Amino acid intakes are inversely associated with arterial stiffness and central blood pressure in women

Amy Jennings, Alexander MacGregor, Ailsa Welch, Phil Chowienczyk, Tim Spector, Aedin Cassidy

Research output: Contribution to journalArticle

29 Citations (Scopus)

Abstract

Background: Although data suggest that intake of total protein and specific amino acids (AAs) reduces blood pressure, data on other cardiovascular disease risk factors are limited.Objective: We examined associations between intake of AAs with known mechanistic links to cardiovascular health and direct measures of arterial stiffness, central blood pressure, and atherosclerosis.Methods: In a cross-sectional study of 1898 female twins aged 18–75 y from the TwinsUK registry, intake of 7 cardioprotective AAs (arginine, cysteine, glutamic acid, glycine, histidine, leucine, and tyrosine) was calculated from food-frequency questionnaires. Direct measures of arterial stiffness and atherosclerosis included central systolic blood pressure (cSBP), mean arterial pressure (MAP), augmentation index (AI), pulse wave velocity (PWV), and intima–media thickness (IMT). ANCOVA was used to assess the associations between endpoints of arterial stiffness and intake (per quintile), adjusting for potential confounders.Results: In multivariable analyses, higher intake of total protein and 7 potentially cardioprotective AAs was associated with lower cSBP, MAP, and PWV. Higher intake of glutamic acid, leucine, and tyrosine was most strongly associated withPWV, with respective differences of -0.4 ± 0.2 m/s (P-trend = 0.02),-0.4 ± 0.2 m/s (P-trend = 0.03), and -0.4 ± 0.2 m/s (P-trend = 0.03), comparing extreme quintiles. There was a significant interaction between AA intake and protein source, and higher intake of AAs from vegetable sources was associated with lower central blood pressure and AI. Higher intake of glutamic acid, leucine, and tyrosine from animal sources was associated with lower PWV.Conclusions: These data provide evidence to suggest that intake of several AAs is associated with cardiovascular benefits beyond blood pressure reduction in healthy women. The magnitude of the observed associations was similar to those previously reported for other lifestyle factors. Increasing intake of these AAs could be an important and readily achievable way to reduce cardiovascular disease risk.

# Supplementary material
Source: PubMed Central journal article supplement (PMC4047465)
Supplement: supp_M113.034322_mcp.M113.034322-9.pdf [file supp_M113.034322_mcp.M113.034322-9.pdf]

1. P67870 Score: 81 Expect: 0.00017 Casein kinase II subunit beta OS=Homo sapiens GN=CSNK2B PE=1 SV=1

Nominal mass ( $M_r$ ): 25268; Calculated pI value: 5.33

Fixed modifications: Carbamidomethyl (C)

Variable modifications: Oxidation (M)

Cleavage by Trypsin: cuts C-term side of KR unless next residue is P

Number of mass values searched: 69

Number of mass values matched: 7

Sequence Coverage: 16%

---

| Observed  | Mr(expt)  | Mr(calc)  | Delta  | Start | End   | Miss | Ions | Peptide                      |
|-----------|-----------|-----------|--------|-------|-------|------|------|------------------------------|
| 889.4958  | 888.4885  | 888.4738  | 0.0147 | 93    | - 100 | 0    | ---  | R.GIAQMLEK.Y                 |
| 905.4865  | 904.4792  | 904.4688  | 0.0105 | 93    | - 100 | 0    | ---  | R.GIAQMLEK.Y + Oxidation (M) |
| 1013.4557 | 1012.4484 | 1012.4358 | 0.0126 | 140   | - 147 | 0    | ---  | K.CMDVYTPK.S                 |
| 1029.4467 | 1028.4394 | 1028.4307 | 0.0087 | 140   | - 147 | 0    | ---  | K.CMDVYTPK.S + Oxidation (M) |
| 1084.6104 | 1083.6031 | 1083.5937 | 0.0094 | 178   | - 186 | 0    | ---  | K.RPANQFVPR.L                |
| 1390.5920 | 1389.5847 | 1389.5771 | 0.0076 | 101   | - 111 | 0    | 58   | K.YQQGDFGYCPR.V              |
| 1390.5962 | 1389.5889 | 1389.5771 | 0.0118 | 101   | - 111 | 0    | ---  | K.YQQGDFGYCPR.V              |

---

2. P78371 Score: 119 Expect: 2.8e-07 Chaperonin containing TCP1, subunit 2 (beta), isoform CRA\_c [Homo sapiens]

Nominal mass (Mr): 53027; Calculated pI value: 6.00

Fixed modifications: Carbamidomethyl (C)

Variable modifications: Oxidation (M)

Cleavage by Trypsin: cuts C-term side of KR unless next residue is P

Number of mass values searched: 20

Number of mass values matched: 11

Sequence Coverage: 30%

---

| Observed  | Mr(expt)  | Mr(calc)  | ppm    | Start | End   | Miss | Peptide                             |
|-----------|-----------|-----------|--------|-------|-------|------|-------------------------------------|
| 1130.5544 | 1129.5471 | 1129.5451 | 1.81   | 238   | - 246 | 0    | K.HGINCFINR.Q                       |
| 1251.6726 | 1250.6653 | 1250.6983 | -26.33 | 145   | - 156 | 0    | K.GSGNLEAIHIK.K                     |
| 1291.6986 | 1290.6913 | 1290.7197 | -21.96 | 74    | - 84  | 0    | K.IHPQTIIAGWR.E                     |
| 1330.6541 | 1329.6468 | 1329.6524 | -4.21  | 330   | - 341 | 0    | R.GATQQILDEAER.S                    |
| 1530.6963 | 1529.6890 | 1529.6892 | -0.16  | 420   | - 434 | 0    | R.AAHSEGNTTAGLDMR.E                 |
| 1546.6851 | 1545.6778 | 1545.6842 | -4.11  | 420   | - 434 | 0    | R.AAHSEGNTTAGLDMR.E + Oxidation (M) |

Original languageEnglish
Pages (from-to)2130-2138
Number of pages9
JournalThe Journal of Nutrition
Volume145
Issue number9
Early online date22 Jul 2015
DOIs
Publication statusPublished - 01 Sep 2015

Bibliographical note

This is an open access article distributed under the CC-BY license (http://creativecommons.org/licenses/by/3.0/).

Keywords

  • protein
  • amino acids
  • blood pressure
  • arterial stiffness
  • cardiovascular

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